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PCI Linked to Fewer Sudden Cardiac Deaths

Swiss study finds coronary intervention preserves heart function better than medical management

THURSDAY, July 16 (HealthDay News) -- Percutaneous coronary intervention (PCI) was superior to medical management in preserving heart function and preventing sudden cardiac death (SCD) in patients with silent ischemia after myocardial infarction, according to a study in the July 15 issue of the American Journal of Cardiology.

Andreas Wolfgang Schoenenberger, M.D., of the University of Bern Hospital in Switzerland, analyzed data on a group of 201 patients with silent ischemia after myocardial infarction from the Swiss Interventional Study on Silent Ischemia Type II (SWISSI II) who were randomized to receive medical management or PCI. The study end point was SCD, with multivariable regression used to identify associations between variables and SCD.

During a mean follow-up of 10.3 years, the study group had 12 SCDs for an average annual rate of 0.6 percent. The researchers found that a decline in left ventricular ejection fraction (LVEF) was the sole independent predictor of SCD (other than age). Further, the LVEF decline was greater in medically-managed patients than in those who had received PCI, and also greater in those who continued to have myocardial ischemia or had recurrent myocardial infarction, compared to patients without those events. Also, PCI was found to reduce residual myocardial ischemia and recurrent myocardial infarction compared to medical management.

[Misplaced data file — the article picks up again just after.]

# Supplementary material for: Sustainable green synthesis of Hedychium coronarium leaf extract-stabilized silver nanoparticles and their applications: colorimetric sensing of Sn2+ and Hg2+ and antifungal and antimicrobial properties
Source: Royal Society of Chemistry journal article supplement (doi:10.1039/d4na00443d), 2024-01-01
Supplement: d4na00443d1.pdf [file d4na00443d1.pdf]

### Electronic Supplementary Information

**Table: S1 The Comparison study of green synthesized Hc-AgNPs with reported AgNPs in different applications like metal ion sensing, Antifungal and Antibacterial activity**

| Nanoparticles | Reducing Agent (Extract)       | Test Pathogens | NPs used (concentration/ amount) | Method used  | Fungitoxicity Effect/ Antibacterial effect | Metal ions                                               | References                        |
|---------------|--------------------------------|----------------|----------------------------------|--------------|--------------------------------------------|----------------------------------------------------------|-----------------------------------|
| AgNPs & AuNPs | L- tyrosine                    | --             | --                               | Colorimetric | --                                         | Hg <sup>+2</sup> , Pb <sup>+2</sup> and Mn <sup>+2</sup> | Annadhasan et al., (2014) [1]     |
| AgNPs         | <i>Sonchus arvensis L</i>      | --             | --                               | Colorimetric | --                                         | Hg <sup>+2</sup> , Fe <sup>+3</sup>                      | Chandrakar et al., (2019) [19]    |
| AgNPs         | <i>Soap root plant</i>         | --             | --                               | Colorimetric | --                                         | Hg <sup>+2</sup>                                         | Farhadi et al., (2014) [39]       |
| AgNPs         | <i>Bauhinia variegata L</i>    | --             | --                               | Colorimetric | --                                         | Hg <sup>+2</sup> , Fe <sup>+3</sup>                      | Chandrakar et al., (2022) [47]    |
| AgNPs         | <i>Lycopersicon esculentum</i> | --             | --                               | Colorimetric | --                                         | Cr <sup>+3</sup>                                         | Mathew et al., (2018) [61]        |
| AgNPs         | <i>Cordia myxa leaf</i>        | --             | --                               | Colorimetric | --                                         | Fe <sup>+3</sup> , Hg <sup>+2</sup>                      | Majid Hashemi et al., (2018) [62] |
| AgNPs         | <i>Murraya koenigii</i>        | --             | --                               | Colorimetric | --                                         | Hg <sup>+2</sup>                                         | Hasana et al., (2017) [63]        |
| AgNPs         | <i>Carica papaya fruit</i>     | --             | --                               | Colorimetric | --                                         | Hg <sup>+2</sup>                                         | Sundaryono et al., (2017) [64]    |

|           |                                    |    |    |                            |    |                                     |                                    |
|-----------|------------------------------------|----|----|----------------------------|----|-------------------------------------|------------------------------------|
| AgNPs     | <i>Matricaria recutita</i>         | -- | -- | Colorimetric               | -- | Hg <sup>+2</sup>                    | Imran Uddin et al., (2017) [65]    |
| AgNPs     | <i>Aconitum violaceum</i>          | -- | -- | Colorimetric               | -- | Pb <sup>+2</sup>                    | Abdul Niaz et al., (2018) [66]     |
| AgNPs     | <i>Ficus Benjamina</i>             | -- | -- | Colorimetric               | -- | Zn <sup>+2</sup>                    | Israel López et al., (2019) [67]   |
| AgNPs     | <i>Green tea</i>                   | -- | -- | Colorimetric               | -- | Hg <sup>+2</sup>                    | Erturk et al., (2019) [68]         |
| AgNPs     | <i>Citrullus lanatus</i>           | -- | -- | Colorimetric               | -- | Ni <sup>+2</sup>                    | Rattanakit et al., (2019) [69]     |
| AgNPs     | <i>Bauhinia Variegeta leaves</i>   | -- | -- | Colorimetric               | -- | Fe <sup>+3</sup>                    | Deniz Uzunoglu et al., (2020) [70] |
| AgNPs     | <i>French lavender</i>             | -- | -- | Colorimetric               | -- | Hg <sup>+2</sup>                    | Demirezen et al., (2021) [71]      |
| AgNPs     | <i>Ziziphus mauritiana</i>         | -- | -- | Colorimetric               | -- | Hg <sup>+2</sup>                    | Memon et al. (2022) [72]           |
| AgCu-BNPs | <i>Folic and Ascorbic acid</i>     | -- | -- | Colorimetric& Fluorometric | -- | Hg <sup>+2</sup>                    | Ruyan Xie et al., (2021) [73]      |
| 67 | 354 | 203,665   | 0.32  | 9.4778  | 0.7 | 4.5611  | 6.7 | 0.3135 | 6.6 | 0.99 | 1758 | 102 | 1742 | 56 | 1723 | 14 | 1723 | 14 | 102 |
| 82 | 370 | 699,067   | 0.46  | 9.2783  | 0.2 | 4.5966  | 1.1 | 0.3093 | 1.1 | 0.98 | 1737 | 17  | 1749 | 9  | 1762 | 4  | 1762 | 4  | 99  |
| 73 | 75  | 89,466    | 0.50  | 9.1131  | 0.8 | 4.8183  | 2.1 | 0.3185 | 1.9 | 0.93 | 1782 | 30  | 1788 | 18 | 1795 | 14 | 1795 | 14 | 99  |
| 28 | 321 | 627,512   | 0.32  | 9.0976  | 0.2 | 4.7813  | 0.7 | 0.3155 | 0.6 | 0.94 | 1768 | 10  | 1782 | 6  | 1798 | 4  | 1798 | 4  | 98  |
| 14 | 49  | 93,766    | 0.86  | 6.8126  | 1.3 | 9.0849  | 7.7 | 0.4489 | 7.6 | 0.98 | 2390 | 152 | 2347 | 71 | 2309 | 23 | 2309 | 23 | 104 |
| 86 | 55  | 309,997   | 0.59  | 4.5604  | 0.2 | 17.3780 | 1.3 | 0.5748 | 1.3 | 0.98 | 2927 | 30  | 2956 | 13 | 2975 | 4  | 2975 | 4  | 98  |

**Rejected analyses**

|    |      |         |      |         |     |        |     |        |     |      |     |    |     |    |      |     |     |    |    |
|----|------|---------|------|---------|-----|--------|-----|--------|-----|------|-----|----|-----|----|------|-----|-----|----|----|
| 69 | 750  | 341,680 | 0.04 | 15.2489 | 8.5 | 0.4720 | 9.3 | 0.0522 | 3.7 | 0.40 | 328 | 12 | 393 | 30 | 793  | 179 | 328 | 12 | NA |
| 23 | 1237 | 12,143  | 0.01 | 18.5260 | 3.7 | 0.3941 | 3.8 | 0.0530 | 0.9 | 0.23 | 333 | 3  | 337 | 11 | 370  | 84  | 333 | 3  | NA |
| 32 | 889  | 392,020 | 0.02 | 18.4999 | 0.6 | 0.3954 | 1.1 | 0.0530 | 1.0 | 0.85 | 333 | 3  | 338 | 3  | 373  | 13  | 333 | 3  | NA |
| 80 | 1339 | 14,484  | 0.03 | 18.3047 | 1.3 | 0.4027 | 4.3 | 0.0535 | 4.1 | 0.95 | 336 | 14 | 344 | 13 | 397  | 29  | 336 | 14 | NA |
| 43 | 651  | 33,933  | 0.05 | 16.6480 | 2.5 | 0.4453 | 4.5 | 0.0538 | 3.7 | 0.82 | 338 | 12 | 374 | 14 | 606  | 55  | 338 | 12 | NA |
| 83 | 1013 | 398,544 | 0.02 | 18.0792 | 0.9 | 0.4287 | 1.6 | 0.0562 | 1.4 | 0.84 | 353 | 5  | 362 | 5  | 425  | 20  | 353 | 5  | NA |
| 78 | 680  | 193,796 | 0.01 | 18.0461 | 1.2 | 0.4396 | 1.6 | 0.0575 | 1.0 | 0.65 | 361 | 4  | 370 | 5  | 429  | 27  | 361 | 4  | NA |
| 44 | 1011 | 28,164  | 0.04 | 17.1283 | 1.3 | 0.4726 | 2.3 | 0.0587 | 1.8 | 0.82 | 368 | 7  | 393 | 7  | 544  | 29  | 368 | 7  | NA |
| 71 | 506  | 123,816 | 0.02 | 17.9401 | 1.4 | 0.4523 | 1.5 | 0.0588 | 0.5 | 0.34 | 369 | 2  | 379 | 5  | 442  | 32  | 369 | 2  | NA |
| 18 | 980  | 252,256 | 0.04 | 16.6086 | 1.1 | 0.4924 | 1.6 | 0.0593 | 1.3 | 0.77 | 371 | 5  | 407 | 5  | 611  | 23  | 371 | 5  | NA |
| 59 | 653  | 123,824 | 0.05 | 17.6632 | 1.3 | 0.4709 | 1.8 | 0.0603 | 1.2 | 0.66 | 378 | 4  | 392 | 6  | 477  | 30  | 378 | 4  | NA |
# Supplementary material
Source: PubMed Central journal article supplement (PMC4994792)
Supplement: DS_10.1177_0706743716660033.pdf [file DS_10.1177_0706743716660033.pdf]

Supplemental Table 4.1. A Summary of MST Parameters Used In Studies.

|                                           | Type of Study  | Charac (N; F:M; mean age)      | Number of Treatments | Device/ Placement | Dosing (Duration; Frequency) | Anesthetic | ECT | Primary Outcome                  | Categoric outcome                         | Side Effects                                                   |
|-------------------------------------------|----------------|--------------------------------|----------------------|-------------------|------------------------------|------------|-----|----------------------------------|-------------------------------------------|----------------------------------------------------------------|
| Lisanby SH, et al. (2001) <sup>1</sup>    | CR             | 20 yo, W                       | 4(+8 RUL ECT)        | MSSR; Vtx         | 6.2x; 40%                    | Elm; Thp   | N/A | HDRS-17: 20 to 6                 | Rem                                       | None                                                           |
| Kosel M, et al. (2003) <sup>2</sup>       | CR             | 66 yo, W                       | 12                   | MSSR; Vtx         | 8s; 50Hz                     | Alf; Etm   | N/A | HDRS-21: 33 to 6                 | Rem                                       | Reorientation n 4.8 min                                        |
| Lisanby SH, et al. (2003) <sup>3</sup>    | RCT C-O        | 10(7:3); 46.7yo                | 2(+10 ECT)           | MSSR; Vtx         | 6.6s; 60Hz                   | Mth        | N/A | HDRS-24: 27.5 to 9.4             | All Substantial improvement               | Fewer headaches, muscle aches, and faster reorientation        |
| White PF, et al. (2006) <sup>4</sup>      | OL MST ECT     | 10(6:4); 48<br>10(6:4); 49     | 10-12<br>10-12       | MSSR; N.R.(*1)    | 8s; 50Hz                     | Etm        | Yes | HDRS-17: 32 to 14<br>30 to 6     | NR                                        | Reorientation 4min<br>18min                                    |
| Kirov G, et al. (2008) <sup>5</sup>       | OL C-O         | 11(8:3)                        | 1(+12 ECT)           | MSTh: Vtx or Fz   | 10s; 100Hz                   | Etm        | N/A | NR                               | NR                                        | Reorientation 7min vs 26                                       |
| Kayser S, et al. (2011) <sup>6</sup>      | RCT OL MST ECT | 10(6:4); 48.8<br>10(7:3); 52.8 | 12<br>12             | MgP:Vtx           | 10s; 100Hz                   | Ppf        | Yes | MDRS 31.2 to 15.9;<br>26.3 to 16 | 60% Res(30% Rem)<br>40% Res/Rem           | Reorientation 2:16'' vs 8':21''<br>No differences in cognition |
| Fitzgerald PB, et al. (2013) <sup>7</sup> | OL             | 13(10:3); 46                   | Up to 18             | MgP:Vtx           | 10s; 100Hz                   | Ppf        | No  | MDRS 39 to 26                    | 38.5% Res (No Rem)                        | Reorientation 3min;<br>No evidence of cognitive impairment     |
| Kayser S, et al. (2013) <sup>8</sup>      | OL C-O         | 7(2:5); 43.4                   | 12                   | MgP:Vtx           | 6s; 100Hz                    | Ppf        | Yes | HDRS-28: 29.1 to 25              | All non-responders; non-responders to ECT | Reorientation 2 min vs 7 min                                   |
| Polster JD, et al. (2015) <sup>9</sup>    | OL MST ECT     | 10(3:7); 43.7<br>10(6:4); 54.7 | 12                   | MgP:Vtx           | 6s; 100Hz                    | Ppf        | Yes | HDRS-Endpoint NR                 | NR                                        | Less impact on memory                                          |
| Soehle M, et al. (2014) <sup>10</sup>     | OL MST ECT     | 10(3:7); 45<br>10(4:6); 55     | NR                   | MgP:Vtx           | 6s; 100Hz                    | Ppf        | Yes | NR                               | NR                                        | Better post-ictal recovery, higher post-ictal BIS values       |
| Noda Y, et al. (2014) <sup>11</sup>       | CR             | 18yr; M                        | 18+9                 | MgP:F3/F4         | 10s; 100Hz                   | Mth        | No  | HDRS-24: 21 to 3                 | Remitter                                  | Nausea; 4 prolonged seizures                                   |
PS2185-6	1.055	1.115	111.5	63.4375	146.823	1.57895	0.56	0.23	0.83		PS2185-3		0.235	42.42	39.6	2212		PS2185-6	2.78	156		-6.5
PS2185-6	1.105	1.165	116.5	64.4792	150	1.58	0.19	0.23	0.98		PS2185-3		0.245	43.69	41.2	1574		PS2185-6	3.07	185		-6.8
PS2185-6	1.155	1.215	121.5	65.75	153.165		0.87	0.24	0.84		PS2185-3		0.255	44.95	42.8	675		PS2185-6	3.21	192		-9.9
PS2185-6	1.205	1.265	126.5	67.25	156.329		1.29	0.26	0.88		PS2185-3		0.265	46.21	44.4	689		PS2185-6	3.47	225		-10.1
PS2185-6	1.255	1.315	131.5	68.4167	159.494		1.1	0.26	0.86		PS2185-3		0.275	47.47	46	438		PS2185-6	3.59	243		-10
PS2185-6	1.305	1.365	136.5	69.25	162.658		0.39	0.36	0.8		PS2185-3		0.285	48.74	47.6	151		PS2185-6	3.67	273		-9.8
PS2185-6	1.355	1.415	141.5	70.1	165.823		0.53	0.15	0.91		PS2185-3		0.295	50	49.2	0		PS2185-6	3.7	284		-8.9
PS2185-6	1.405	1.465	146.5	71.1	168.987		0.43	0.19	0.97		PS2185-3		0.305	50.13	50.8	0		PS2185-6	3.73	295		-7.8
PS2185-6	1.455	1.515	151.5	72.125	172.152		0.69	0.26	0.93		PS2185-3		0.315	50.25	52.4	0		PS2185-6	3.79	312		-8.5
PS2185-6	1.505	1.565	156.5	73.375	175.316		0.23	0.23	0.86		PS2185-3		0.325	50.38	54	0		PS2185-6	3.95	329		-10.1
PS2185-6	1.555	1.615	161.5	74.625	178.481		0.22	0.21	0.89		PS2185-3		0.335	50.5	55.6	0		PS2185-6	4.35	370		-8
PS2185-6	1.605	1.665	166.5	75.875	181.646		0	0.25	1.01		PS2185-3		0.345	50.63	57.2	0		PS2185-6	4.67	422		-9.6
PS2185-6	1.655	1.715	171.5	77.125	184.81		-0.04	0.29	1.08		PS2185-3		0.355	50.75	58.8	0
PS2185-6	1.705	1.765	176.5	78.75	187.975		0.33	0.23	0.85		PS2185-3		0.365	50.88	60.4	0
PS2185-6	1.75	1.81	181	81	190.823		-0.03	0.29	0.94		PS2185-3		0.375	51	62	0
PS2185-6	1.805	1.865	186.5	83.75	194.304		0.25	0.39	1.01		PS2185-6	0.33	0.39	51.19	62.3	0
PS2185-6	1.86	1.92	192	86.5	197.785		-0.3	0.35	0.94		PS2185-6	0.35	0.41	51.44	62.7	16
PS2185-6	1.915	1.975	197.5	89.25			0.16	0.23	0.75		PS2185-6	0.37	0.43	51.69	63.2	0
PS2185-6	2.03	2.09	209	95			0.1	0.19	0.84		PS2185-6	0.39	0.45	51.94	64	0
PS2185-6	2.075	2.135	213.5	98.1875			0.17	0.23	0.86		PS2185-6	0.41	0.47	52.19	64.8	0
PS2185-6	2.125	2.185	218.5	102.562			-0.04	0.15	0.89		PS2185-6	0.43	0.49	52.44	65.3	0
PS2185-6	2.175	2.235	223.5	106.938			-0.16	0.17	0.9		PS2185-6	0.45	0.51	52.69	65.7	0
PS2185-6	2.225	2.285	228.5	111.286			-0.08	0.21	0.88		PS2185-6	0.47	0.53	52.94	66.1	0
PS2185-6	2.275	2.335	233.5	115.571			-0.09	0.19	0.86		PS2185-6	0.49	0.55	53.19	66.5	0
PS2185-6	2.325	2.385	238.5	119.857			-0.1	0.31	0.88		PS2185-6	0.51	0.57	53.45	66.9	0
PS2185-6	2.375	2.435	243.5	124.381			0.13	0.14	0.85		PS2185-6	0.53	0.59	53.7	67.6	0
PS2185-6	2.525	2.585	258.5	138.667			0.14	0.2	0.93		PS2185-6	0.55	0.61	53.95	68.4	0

"In conclusion, patients with silent ischemia after myocardial infarction are at a substantial risk of SCD. The prevention of residual myocardial ischemia and recurrent myocardial infarction using PCI resulted in better long-term LVEF and a reduced SCD incidence," the authors write.

SWISSI II was funded by Hoechst Pharma, Merck Pharma, and Pfizer.

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